We are following up on the research in more mature HD neurons and to determine at what stages one can rescue the HD phenotypes in mice.  Also, we would need to do pharmacodynamics and other types of assays in preclinical models to assess efficacy and then could envision going into human trials with a better characterized drug.  Our goal is to ultimately translate this to human treatments in general and specifically by targeting these altered pathways.

Stem Cell Stories that Caught our Eye: stem cell insights into anorexia, Zika infection and bubble baby disease

Here are some stem cell stories that caught our eye this past week. Some are groundbreaking science, others are of personal interest to us, and still others are just fun.

Stem cell model identifies new culprit for anorexia.

Eating disorders like anorexia nervosa are often thought to be caused by psychological disturbances or societal pressure. However, research into the genes of anorexia patients suggests that what’s written in your DNA can be associated with an increased vulnerability to having this disorder. But identifying individual genes at fault for a disease this complex has remained mostly out of scientists’ reach, until now.

A CIRM-funded team from the UC San Diego (UCSD) School of Medicine reported this week that they’ve developed a stem cell-based model of anorexia and used it to identify a gene called TACR1, which they believe is associated with an increased likelihood of getting anorexia.

They took skin samples from female patients with anorexia and reprogrammed them into induced pluripotent stem cells (iPSCs). These stem cells contained the genetic information potentially responsible for causing their anorexia. The team matured these iPSCs into brain cells, called neurons, in a dish, and then studied what genes got activated. When they looked at the genes activated by anorexia neurons, they found that TACR1, a gene associated with psychiatric disorders, was switched on higher in anorexia neurons than in healthy neurons. These findings suggest that the TACR1 gene could be an identifier for this disease and a potential target for developing new treatments.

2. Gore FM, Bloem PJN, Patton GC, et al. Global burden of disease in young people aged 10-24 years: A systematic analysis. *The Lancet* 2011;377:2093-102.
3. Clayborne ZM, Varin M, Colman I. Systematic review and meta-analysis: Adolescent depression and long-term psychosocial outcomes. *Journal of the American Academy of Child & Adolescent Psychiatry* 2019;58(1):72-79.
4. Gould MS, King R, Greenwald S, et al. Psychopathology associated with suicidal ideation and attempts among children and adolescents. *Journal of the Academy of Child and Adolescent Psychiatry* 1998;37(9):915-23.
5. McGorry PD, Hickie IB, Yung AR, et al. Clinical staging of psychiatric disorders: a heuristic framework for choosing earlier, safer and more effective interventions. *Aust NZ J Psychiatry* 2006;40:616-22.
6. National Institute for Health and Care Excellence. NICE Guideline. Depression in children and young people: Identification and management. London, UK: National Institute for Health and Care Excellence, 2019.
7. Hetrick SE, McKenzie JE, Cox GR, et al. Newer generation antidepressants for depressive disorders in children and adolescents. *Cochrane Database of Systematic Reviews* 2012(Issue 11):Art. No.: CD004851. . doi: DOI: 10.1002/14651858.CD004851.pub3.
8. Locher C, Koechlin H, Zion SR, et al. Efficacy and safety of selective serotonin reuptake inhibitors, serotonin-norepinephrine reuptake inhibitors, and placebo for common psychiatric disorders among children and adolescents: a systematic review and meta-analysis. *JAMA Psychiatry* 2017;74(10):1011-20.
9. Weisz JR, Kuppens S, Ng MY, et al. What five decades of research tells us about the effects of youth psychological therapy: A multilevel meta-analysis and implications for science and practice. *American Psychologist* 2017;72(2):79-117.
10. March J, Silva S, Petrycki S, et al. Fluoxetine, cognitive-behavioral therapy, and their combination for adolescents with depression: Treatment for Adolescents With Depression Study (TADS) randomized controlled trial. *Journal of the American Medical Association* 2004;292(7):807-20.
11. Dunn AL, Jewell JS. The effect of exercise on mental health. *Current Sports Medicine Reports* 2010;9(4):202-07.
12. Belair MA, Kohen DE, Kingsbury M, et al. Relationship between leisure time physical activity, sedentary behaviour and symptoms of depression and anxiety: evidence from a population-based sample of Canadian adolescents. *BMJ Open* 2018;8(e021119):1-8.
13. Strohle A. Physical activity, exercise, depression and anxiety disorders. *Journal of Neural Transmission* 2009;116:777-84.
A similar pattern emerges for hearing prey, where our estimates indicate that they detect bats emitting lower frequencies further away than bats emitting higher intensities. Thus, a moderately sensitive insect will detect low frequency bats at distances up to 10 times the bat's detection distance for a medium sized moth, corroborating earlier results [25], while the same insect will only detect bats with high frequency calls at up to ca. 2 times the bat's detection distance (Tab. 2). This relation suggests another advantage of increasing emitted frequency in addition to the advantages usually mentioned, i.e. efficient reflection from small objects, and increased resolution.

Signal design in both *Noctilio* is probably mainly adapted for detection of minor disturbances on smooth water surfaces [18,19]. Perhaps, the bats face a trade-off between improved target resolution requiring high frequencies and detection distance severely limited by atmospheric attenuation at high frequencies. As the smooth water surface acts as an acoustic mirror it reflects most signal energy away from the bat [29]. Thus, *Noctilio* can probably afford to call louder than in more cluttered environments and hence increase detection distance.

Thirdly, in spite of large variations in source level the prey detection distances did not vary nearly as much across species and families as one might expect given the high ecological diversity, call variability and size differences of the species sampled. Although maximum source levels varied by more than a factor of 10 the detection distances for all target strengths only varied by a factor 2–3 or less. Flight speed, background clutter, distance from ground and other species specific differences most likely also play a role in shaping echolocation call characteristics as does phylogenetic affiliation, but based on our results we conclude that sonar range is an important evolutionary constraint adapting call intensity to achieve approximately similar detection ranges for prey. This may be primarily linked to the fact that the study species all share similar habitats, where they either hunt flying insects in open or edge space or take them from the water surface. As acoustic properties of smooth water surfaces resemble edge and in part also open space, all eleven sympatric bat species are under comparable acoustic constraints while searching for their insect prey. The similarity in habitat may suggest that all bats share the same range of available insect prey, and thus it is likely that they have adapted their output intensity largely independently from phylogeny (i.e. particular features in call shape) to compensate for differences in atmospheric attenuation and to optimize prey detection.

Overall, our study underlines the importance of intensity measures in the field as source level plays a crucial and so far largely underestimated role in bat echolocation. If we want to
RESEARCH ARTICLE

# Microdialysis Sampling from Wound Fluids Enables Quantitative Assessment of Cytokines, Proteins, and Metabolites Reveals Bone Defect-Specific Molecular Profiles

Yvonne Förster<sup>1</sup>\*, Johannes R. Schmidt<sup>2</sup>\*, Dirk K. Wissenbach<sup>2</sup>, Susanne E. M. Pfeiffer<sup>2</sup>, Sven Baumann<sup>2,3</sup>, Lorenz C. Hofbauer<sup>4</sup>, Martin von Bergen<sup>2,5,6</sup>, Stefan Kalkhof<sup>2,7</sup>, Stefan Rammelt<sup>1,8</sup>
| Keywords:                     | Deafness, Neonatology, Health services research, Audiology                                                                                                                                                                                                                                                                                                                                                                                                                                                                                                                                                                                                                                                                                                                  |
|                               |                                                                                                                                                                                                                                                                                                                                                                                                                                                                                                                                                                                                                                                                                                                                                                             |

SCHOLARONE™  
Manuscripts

In a UCSD press release, Professor and author on the study, Alysson Muotri, said that they will follow up on their findings by studying stem cell lines derived from a larger group of patients.

Alysson Muotri UC San Diego

“But more to the point, this work helps make that possible. It’s a novel technological advance in the field of eating disorders, which impacts millions of people. These findings transform our ability to study how genetic variations alter brain molecular pathways and cellular networks to change risk of anorexia nervosa — and perhaps our ability to create new therapies.”

Anorexia is a disease that affects 1% of the global population and although therapy can be an effective treatment for some, many do not make a full recovery. Stem cell-based models could prove to be a new method for unlocking new clues into what causes anorexia and what can cure it.

Nature versus Zika, who will win?